She gets out of the car, but she appears to have hurt her arm pretty badly. Exactly how injured is she?
We had an option that we considered — and if it had been a different TV show, we might have taken — which was to have the crash and then not show her getting out of the car. There’s a phrase that we used to use in the Breaking Bad writers’ room, and we use in the Better Call Saul writers’ room, and it’s something we try to avoid. We call it schmuck bait, but basically, it means leaving the audience to believe that something enormous has happened to get them to keep watching past the commercial or to the next episode, and then taking it off the table as soon as you get back. We really try to play fair with the audience. The question in my mind is: How badly is Kim hurt? And also what does this mean? What caused the car accident? And what is she going to take out of all of this?

How is Jimmy going to feel after that last interaction with her? And is she going to be upset with Jimmy?
They had this terrible conversation before she left the office, and Jimmy was really a jackass to Kim, so you have to wonder how he’s going to feel when he finds out that she’s had an accident. And if you look at the car, that’s a pretty terrible accident, so she’s damned lucky to be getting out of that car, no matter what kind of shape she’s in…. He was more or less demanding her attention while she was busy heading out for this important meeting, and how’s he going to feel about the fact that he was behaving like that and then she went off and had this accident? This is a very consequential moment for us. And we know that Jimmy has two people in his life that he cares deeply about: Kim and Chuck. And, of course, those relationships are at the heart of Jimmy, and the idea of possibly losing Kim — it’s a game-changer for Jimmy.

Kim is often surprising. We may think that she’s going to act one way, and she’s sometimes zigs when we expect her to zag, and Rhea Seehorn plays her beautifully. She’s a very intelligent person who has a lot of understanding, so that’s the one thing I’d say about all of that.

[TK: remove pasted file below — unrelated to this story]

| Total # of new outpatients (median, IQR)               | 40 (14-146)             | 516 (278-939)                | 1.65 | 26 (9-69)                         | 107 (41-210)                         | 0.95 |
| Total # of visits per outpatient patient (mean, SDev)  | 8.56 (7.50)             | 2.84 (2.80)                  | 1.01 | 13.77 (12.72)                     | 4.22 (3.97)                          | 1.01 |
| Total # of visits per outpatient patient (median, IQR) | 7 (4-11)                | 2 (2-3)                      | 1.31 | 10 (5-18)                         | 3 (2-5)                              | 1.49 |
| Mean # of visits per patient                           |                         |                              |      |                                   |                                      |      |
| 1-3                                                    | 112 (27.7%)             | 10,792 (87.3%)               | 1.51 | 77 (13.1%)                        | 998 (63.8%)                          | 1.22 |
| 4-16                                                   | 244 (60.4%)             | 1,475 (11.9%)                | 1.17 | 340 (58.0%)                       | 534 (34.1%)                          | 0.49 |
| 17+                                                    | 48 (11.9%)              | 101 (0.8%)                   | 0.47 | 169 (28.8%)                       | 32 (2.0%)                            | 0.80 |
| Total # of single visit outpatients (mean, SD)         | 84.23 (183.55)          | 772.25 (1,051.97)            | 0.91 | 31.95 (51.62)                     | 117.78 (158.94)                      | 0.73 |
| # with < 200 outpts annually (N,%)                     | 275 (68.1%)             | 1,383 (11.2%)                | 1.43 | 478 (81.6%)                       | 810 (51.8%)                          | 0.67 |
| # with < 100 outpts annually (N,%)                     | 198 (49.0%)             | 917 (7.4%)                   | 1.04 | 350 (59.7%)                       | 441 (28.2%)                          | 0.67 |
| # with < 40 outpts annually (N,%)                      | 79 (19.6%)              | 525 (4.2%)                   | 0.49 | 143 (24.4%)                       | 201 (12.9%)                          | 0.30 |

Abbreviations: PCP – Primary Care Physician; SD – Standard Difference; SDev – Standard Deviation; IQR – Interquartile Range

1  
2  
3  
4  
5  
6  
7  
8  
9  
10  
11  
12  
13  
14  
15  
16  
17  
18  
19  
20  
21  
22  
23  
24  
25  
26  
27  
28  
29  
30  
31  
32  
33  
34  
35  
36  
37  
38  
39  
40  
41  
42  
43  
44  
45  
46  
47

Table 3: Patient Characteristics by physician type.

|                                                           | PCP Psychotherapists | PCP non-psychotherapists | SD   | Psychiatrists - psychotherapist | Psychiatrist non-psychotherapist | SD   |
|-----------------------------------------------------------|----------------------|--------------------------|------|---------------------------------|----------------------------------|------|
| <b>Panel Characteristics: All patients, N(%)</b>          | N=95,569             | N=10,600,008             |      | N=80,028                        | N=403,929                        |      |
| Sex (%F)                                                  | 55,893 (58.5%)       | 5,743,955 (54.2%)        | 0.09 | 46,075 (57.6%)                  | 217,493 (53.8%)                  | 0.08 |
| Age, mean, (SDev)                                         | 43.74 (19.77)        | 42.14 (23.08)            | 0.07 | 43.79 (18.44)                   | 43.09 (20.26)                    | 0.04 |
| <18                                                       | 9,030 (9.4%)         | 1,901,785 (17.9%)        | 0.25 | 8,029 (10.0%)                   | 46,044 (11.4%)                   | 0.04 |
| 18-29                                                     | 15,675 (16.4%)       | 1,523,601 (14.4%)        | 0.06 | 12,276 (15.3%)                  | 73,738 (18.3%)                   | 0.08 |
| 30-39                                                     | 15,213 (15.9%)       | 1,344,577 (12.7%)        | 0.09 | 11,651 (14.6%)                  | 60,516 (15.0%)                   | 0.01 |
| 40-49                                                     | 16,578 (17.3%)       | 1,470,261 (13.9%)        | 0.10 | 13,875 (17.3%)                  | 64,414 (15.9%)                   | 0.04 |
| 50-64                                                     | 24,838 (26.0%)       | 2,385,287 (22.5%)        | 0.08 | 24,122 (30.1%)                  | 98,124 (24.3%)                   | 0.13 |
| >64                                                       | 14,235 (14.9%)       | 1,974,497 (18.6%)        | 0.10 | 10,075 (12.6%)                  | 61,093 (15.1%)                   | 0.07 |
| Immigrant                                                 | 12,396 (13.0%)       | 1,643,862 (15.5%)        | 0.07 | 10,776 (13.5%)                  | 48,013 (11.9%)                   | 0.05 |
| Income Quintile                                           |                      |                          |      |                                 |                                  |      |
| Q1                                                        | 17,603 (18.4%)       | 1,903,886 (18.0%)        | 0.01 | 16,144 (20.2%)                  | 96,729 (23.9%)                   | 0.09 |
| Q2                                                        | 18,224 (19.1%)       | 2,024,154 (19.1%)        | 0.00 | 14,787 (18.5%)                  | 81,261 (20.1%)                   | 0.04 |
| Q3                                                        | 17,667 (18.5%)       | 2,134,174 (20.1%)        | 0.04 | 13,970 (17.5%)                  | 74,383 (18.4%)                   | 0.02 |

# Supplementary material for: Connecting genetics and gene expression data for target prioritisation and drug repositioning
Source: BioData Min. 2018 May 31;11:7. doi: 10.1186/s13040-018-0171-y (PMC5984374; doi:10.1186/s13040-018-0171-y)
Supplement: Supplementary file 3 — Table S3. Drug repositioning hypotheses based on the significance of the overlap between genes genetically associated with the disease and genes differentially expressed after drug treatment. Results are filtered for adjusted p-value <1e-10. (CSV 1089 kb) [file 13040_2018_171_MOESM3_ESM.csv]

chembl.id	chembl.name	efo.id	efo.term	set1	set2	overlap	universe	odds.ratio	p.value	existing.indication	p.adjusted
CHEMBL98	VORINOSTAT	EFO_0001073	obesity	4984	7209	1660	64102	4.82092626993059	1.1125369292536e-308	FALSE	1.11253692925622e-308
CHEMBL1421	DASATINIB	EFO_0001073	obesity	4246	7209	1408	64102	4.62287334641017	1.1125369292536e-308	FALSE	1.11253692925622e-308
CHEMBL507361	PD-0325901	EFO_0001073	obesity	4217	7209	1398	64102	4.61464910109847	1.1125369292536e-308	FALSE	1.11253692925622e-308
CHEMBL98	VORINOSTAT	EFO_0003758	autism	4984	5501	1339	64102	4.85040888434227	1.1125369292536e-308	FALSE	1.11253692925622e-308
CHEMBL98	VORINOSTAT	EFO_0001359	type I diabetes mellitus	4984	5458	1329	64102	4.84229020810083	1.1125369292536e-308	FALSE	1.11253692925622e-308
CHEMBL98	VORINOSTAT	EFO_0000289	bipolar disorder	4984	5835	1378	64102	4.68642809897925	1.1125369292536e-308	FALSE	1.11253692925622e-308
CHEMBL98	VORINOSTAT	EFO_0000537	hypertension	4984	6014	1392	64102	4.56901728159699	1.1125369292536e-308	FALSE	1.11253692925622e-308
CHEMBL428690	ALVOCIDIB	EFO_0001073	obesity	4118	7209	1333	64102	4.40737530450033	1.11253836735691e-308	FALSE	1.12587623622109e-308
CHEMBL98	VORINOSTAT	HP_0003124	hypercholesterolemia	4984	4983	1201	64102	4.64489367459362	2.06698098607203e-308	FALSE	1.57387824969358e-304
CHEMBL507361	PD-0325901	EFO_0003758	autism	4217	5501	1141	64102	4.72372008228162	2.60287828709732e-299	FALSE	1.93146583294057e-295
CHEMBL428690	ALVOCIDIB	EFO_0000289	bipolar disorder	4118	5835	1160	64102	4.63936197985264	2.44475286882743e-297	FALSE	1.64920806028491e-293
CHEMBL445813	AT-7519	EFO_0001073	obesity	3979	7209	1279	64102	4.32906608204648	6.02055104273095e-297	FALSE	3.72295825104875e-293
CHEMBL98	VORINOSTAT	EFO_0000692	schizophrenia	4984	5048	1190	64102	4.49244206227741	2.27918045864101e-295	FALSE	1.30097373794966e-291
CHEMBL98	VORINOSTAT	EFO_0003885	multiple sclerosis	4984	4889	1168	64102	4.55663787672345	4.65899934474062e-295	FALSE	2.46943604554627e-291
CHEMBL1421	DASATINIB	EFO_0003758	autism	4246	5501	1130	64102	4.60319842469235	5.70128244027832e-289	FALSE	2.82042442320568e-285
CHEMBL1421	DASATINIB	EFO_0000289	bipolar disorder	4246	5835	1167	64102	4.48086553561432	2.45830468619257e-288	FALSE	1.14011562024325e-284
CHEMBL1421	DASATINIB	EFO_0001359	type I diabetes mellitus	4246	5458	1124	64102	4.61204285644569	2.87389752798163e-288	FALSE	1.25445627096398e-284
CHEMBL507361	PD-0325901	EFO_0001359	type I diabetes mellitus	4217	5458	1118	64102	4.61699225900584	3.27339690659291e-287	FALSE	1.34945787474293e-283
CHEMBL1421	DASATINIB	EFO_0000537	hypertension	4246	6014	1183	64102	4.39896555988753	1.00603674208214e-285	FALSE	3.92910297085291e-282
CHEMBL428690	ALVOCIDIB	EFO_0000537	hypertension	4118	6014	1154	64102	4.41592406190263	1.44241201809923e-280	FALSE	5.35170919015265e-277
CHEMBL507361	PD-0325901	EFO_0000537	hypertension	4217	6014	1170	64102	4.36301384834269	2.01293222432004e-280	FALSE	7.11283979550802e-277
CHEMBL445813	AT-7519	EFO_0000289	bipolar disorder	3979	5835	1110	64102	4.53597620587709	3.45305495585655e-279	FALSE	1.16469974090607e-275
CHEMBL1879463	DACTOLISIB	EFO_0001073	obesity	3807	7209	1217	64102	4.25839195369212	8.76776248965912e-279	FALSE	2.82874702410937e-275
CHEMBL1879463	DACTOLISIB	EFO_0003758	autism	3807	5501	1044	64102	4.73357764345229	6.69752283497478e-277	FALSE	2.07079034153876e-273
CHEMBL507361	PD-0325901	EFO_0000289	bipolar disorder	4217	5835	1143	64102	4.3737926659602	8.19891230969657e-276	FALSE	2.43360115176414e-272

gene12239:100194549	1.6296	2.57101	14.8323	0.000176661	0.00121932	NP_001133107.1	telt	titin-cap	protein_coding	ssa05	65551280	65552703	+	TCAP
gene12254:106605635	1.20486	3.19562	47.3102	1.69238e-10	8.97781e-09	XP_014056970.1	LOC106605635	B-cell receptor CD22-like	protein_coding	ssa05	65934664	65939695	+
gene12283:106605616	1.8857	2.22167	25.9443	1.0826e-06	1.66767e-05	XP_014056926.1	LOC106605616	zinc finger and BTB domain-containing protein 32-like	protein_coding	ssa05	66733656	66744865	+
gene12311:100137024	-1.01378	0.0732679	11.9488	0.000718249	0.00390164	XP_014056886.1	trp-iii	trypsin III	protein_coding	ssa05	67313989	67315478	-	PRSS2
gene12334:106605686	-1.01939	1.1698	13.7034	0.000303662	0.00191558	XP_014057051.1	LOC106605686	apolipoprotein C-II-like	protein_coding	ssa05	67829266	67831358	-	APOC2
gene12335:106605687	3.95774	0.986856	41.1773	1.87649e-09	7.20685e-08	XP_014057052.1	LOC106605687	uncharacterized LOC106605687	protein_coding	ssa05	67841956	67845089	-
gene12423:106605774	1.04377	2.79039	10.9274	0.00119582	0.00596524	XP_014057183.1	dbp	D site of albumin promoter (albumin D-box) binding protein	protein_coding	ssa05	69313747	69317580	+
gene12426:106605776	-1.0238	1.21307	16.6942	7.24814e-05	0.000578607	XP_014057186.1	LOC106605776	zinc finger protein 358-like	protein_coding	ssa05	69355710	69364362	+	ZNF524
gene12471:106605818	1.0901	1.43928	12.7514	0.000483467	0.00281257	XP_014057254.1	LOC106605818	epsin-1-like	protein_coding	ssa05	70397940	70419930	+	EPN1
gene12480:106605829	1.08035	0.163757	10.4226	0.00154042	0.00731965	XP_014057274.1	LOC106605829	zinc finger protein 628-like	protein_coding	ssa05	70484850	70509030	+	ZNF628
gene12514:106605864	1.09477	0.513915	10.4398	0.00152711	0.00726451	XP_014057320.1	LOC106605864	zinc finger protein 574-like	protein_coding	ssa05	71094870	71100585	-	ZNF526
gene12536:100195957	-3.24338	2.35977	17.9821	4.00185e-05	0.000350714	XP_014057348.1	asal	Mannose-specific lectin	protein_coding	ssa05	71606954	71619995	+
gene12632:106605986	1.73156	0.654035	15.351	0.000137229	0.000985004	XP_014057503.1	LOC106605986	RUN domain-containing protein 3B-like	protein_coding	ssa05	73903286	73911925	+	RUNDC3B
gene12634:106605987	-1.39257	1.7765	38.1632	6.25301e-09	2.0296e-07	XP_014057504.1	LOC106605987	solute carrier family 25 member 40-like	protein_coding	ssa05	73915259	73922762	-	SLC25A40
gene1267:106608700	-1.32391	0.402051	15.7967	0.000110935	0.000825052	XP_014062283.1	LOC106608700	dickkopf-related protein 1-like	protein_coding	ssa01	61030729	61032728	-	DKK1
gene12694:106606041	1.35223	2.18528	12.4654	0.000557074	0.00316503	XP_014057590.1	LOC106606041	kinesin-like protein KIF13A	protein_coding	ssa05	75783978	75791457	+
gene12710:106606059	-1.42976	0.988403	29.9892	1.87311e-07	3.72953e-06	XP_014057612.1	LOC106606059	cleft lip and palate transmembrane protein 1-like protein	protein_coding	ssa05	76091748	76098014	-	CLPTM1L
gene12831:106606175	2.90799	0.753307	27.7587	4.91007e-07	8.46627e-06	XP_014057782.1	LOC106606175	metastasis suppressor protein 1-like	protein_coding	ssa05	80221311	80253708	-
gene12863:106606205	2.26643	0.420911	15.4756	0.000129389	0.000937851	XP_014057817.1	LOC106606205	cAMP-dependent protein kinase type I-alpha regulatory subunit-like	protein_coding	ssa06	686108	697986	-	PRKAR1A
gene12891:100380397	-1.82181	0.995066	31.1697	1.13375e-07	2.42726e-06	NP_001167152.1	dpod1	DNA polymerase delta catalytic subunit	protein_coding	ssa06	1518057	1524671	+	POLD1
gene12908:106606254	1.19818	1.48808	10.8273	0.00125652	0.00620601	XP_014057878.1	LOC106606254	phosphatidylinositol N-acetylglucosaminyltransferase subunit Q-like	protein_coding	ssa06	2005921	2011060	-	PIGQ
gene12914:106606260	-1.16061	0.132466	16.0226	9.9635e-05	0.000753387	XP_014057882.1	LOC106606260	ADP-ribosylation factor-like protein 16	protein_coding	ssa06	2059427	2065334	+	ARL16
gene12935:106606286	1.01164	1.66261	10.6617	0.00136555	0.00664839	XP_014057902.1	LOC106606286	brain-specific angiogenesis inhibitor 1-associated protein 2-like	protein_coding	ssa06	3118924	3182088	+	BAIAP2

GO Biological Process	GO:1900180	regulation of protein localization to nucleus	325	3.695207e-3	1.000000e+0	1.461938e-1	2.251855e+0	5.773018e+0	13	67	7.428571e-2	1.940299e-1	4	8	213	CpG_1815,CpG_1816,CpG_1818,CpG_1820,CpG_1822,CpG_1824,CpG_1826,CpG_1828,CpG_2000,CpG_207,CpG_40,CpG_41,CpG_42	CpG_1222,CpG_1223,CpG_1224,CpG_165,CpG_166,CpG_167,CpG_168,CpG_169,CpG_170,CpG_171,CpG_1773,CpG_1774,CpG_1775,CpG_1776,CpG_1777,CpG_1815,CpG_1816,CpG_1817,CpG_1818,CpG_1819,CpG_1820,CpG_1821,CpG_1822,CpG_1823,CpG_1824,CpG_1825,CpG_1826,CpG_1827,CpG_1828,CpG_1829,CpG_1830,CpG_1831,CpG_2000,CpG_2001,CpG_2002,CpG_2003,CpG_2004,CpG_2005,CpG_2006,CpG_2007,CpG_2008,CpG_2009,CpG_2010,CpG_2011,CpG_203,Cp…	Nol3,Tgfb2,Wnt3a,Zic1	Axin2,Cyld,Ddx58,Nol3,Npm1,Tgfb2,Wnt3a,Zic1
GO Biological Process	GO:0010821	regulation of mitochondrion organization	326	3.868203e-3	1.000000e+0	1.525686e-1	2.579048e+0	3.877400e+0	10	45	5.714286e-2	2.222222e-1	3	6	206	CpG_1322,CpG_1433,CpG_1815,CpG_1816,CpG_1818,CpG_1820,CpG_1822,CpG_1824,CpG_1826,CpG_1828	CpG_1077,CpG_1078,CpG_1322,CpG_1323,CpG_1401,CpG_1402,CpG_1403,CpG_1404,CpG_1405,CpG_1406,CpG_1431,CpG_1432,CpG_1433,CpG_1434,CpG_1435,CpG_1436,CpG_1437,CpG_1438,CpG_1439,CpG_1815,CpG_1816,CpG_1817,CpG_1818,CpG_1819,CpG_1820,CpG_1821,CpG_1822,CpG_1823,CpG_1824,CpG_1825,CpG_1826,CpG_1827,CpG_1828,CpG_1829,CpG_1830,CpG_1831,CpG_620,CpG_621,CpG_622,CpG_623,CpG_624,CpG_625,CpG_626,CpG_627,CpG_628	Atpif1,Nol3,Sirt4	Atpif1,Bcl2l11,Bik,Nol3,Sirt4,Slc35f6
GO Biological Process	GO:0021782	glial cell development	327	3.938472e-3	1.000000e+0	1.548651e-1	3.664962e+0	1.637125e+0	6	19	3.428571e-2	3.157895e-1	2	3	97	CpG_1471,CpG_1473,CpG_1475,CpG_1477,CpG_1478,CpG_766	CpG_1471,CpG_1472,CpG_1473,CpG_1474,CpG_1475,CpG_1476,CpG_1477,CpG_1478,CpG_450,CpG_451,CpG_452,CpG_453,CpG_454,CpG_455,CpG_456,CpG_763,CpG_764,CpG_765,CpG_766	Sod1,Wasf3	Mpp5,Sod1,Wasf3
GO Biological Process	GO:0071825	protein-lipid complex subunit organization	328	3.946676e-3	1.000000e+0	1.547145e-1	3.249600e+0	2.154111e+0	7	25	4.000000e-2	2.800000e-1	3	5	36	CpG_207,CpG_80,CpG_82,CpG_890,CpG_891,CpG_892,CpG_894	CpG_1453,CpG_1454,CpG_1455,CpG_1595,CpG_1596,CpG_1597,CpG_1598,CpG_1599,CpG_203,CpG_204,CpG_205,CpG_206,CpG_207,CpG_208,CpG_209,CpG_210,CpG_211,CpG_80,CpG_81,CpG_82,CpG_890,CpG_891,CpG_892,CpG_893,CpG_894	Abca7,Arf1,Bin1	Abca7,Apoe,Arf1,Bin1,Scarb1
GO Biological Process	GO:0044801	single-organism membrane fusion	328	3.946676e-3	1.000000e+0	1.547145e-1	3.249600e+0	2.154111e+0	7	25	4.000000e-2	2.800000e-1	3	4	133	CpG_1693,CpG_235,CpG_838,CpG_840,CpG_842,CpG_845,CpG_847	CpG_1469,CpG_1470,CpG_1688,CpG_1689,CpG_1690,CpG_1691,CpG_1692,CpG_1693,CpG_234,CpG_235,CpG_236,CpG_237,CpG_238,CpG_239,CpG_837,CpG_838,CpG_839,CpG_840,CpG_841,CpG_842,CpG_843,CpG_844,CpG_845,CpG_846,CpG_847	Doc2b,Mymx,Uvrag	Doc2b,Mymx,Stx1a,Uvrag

We need to talk about Jimmy’s ill deeds in this episode. He had a gift for elder law, and for all the games he plays, he seems to care about his clients. But his desperation for a paycheck here trumps all of that, and it makes him betray Irene and corrupts that side of his business in what admittedly was a shrewd and complex con game. Should we consider this another line crossed in his dark transformation into the Saul Goodman that we will come to know?
This is actually the worst thing I’ve ever seen Jimmy do. It’s really, in a way, as bad as anything Saul Goodman does. Because Saul Goodman on Breaking Bad would advise people to do terrible things, but he was never pulling the trigger himself, whereas Jimmy McGill in this episode specifically tries to ruin this woman’s life — this woman who he cares about, who is a true innocent in every way. He goes out of his way to try to ruin her life because she stands between him and lots of money. That is as dark and amoral — or immoral — as anything that we’ve seen him do, ever. I understand why he does it, and of course Jean Effron, who plays Mrs. Landry, is just spectacular. You can’t look at her without feeling [laughs] that Jimmy’s really doing something awful. And you’re absolutely right: He’s violating his own morality. Ever since he’s started elder law, he really has done his damnedest to provide these folks with the best possible service that he possibly can. He’s wonderful with these older folks. And now he’s using that ability against an innocent woman, and it is terrible to behold. And the way that Bob plays it, it’s horrible; I also find it, in a very dark, bleak way, very, very funny.

Elderly bingo was ruined, Peter! If we lose elderly bingo, we’ve lost everything. We’ve lost Jimmy!
[Laughs] I agree. It’s funny you say that, but I remember when we started with this path of elder law in season 1, my great concern in season 1 was, “Will the audience see Saul Goodman when we’re trying to show them Jimmy?” So I was very concerned that people would assume that when he took up elder law that he was trying to rip those folks off, but of course that was the furthest thing from the truth. He was in elder law, and he found his niche there, and he was damned good at it, and it made his life better, and he was actually arguably contributing to the betterment to the world. But now he’s turned all those good intentions into something really sour and dark. But as always with Jimmy, for arguably good intentions because he wants to keep Kim, and he wants to keep the office, and those two things are linked.